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Understanding Payments on Account in the UK Self Assessment Tax System

Payments on Account' are an essential part of the UK's Self Assessment tax system, especially for self-employed individuals and those with varied income sources. This blog post demystifies Payments on Account, helping you manage your tax obligations efficiently.

Self Assessment payments on account
Self Assessment payments on account

Payments on account are essentially advance payments towards your Self Assessment tax bill. They include tax owed on income not collected at source and Class 4 National Insurance if you're self-employed. These payments are made twice a year and are based on your previous year's tax bill.

Who Needs to Make These Payments?

You're required to make payments on account if:

- Your last Self Assessment tax bill was over £1,000.

- You paid less than 80% of that bill was not collected at source (e.g., through your tax code or bank interest deductions)..

How Are They Calculated?

Each payment on account is half of your previous year’s tax bill. For instance, if your tax bill was £2,000, each payment on account would be £1,000.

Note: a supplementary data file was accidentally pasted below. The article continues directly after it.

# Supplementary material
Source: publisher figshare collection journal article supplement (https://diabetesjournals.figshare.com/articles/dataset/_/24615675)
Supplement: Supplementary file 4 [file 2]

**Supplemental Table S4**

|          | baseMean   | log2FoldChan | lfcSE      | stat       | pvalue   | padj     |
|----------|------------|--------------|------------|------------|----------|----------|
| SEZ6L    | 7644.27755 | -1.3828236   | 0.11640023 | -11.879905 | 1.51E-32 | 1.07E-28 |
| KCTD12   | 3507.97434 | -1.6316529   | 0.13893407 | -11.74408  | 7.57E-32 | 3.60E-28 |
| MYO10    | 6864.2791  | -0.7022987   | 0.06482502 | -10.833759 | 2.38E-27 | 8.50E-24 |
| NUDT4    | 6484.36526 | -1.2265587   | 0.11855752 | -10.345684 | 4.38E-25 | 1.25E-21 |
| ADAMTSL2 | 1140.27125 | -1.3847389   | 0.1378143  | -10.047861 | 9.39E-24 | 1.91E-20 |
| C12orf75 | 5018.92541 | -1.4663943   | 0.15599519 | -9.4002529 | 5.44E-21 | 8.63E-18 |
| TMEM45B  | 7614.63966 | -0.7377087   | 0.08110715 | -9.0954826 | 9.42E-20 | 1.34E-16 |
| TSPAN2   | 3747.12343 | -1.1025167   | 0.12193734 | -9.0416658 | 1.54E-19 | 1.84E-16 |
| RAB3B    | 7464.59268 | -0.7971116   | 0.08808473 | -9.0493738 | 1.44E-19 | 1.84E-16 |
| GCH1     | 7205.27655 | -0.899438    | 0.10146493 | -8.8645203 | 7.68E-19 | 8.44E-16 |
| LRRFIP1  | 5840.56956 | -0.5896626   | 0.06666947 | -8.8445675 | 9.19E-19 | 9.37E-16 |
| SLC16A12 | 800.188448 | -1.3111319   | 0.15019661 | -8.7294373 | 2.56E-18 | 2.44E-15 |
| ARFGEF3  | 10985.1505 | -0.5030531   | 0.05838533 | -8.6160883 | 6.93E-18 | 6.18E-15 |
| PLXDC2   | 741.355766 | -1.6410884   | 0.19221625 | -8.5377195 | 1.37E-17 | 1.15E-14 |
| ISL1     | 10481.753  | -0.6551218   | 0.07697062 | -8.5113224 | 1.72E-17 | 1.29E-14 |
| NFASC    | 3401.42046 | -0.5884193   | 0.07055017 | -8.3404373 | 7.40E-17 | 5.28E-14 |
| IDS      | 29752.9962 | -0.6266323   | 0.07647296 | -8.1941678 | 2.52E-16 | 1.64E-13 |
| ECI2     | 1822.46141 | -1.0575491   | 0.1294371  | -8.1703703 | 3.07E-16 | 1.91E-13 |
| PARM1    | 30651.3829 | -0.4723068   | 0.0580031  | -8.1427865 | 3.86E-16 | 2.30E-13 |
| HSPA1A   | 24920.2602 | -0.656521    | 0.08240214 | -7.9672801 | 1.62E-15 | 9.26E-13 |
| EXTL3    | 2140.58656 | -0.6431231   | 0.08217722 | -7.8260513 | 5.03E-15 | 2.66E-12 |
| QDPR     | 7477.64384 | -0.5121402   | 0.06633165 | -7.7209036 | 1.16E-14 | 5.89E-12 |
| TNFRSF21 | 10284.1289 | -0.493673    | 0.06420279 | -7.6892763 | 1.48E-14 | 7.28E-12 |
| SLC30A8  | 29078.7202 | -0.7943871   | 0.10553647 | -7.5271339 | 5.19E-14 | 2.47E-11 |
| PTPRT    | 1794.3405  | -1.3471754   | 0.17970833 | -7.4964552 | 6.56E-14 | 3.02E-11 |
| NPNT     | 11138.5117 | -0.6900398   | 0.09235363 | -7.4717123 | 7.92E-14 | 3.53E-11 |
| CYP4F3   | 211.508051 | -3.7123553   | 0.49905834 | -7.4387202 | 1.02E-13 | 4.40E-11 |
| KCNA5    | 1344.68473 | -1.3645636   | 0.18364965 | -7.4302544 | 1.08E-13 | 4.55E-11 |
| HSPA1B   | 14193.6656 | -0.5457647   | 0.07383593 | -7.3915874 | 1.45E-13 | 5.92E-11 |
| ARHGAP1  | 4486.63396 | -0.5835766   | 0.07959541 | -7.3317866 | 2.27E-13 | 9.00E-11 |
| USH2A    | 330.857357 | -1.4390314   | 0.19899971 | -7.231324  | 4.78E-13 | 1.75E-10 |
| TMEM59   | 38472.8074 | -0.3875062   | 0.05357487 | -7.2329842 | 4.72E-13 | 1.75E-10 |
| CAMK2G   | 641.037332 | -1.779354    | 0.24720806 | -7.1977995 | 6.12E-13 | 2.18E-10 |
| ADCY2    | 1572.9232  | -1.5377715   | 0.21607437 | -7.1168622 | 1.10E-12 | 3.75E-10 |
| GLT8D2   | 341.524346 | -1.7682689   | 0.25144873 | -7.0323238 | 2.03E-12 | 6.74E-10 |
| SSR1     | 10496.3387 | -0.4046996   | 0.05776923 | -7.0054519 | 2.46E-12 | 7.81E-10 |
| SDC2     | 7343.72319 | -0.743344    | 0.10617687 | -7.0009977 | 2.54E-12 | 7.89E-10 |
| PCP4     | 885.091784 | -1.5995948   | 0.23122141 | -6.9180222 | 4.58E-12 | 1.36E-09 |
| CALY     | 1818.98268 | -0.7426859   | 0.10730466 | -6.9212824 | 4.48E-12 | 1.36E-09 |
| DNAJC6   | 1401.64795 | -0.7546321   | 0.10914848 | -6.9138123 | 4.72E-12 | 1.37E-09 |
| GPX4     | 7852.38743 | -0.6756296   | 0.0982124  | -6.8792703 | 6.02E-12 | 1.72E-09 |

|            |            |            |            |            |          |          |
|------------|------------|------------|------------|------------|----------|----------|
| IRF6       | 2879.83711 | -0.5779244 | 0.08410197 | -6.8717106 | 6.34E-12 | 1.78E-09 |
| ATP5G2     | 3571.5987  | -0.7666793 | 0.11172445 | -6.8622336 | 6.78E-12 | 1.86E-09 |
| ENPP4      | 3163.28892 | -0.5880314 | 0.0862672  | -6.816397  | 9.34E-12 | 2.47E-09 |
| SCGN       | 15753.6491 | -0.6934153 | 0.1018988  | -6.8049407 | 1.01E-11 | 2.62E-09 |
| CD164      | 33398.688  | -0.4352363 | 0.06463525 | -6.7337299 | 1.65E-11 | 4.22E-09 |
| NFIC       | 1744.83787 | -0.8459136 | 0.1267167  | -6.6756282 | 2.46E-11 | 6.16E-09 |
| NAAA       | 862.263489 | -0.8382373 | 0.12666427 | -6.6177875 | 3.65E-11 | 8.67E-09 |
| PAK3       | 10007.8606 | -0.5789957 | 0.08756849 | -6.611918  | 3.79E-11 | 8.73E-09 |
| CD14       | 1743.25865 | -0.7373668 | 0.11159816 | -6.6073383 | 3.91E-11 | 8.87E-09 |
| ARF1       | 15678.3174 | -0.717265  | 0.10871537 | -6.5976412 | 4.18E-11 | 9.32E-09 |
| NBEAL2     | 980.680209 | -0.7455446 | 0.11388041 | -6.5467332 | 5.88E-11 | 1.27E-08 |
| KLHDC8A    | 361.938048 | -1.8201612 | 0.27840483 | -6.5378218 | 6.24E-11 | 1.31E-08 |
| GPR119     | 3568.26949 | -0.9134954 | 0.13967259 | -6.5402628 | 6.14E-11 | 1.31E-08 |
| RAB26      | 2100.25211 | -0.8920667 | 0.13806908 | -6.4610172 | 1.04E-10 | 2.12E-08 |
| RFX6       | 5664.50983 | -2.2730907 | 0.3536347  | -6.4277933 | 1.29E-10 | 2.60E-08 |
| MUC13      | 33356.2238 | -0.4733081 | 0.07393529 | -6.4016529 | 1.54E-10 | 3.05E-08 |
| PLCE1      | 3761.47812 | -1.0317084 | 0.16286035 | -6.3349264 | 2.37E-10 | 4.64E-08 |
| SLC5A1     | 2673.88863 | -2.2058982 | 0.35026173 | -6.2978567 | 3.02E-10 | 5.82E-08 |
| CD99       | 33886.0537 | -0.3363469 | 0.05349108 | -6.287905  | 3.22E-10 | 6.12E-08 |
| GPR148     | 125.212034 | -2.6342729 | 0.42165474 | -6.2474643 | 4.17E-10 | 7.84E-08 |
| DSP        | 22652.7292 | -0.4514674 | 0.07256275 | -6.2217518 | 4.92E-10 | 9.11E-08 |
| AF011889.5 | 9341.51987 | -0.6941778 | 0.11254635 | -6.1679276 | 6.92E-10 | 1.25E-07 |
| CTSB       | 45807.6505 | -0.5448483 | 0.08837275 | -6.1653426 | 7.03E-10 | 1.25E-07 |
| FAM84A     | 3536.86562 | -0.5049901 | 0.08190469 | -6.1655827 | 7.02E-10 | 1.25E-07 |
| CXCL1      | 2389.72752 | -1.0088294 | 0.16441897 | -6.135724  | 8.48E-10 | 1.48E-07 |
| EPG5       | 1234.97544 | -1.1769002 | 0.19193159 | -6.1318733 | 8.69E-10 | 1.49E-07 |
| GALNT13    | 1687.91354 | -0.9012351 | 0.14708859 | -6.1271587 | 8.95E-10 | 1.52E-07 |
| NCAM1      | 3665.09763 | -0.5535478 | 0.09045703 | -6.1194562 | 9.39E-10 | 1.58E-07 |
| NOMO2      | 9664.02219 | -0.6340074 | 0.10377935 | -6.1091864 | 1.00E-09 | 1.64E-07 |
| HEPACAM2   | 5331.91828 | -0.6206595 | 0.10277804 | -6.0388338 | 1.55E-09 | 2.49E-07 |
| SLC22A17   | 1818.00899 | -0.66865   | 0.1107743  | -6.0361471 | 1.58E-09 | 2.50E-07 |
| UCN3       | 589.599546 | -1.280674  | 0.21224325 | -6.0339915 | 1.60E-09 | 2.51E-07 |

Payment Deadlines:

The first payment is due by midnight on 31 January, and the second by 31 July each year. It's crucial to meet these deadlines to avoid penalties and interest charges.

Balancing Payment:

If your tax bill turns out to be more than what your payments on account covered, you'll need to make a 'balancing payment' by 31 January next year. This ensures you pay the total tax owed for the current tax year.

Reducing Payments on Account:

If you expect your income to be lower than the previous year, you can apply to HMRC to reduce your Payments on Account. This can prevent you from overpaying tax. However, be cautious as underestimating your income can result in interest charges on underpaid tax.

Handling Overpayments and Underpayments:

If you overpay through your Payments on Account, HMRC will refund the difference. Conversely, if you underpay, you will be charged interest on the unpaid amount.

Example Scenario:

To illustrate, suppose your tax bill for the 2021 to 2022 tax year is £3,000. You would make two payments of £1,500 each towards this bill. If your actual bill for the year is higher, a balancing payment will be needed. Conversely, if it's lower, you might be due a refund or a reduction in your next payments on account.


Payments on Account are a proactive way to manage your tax liability, helping to spread the cost over the year. Understanding and accurately calculating these payments can significantly ease your financial planning and avoid unexpected tax bills.

For personalized advice on managing your Payments on Account or any other tax-related inquiries, feel free to reach out to our expert team.

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